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Busting the Myths Around Personalisation at Scale

Busting the Myths Around Personalisation at Scale

PerformanceIN

Delivering personalisation at scale is an issue that's sparked debate amongst many retailers but RevLifter tackles some of the most common myths around personalistion once and for all.

Partner NetworkRyan Kliszat

Content Partner

RevLifter

RevLifter personalises deals across any marketing channel. The platform uses AI to understand real-time signals from people's on-site behaviour to deliver the right deal, to the right customer, at the right time, allowing it to achieve the advertiser’s goals.

The technology works by personalising offers on a retailer’s site. Each incentive is hand-picked to deliver incrementality and prevent customers from leaving their basket in search of deals from competing bra...

Read more about RevLifter

If you were to believe that personalisation is just another way for retailers to influence the actions of their customers, you’d be wrong. 

Findings from Infosys reveal that 31% of consumers wish for their shopping experience to be more personalised than it is at present. Meanwhile, 44% claim that they’re more likely to become a repeat buyer if their experience is personalised. 

The challenge for retailers is in delivering personalisation at scale – an issue that has sparked huge debate among brands, agencies and tech providers. While some have had no issue with targeting their shoppers on a one-to-one level, others have been discouraged by rumour and conjecture.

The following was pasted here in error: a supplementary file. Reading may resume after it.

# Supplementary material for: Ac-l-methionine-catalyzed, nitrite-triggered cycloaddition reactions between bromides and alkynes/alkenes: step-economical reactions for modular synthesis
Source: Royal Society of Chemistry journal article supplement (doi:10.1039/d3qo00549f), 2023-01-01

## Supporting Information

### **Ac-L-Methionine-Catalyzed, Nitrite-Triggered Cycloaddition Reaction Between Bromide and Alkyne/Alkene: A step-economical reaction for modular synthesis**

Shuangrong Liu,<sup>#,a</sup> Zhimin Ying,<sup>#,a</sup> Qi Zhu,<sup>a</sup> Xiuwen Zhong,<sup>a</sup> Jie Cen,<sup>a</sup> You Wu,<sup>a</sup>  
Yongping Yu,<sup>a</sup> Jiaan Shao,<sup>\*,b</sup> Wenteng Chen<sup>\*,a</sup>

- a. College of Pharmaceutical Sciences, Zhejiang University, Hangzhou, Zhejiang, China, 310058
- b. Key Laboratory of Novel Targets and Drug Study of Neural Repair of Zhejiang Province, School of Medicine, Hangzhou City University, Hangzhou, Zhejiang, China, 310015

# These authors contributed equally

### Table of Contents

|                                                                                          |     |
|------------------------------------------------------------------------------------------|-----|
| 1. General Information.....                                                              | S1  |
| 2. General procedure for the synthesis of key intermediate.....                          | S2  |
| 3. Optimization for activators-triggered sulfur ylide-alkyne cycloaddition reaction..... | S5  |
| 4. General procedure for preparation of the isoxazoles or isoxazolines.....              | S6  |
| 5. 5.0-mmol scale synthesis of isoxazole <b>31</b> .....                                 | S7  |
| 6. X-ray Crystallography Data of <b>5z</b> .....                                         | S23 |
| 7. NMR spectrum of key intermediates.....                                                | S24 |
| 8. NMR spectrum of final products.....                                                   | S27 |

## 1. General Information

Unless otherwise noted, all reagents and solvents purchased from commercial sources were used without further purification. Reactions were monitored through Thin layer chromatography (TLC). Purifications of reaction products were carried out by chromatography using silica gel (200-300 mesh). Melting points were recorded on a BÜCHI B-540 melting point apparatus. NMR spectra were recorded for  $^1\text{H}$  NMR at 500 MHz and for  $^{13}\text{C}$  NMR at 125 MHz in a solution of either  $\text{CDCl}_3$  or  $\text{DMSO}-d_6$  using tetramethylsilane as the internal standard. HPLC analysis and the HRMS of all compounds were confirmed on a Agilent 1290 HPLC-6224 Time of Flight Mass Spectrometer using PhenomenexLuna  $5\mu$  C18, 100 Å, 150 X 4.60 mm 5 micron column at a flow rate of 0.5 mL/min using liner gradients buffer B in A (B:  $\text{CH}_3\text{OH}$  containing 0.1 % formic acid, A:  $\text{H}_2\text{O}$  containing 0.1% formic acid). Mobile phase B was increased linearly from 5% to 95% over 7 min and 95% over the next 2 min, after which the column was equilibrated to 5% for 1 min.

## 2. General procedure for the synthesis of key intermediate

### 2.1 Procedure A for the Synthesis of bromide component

As a company which helps retailers deliver personalised offers to their customer base, RevLifter has heard plenty of the talk surrounding our practice. With a view to setting the record straight, we’ve decided to tackle some of the most common myths once and for all. 

"One-to-one personalisation is too costly”

The financial implications of personalisation at scale revolve largely around the price of your chosen platform. If you invest in something that charges a sizeable upfront fee, plus monthly costs, the investment might be hard to justify.

We appreciate that retailers want to avoid taking risks with their finances. That’s why our own solution, RevLifter, is paid only on the results it drives. We charge zero setup fees and work on the basis of commission, which is made affordable for retailers small and large. This way, if a customer interacts with our solution on the way to the checkout, it’s a win for everyone involved. 

"Personalisation will sap my time"

If you’re concerned about the hours required to make personalisation work for your business, just remember that many platforms can operate without supervision. RevLifter, for example, uses a bespoke algorithm to dictate when it serves an offer and to whom. Everything is handled by your very own account manager. Your entire workload can be limited to a weekly call to monitor its progress. 

Not only this but when you see the sheer impact delivered by personalisation at scale, any investment of time will be justified - and then some!

“One-to-one personalisation is too complicated” 

Some marketers will believe that relatively new concepts like personalisation are too complex for them to understand. In truth, they’re only as complicated as the technology that powers them. The approach at RevLifter is to clarify our processes and shift as much of the technical strain away from our clients and onto our team and platform.

Tech providers also have a duty to supply their users with information that can inform their decision-making process. The data isn’t always easy to break down, but we like to empower our clients with the same knowledge that we have in-house. It provides room for greater collaboration, trust, and better results.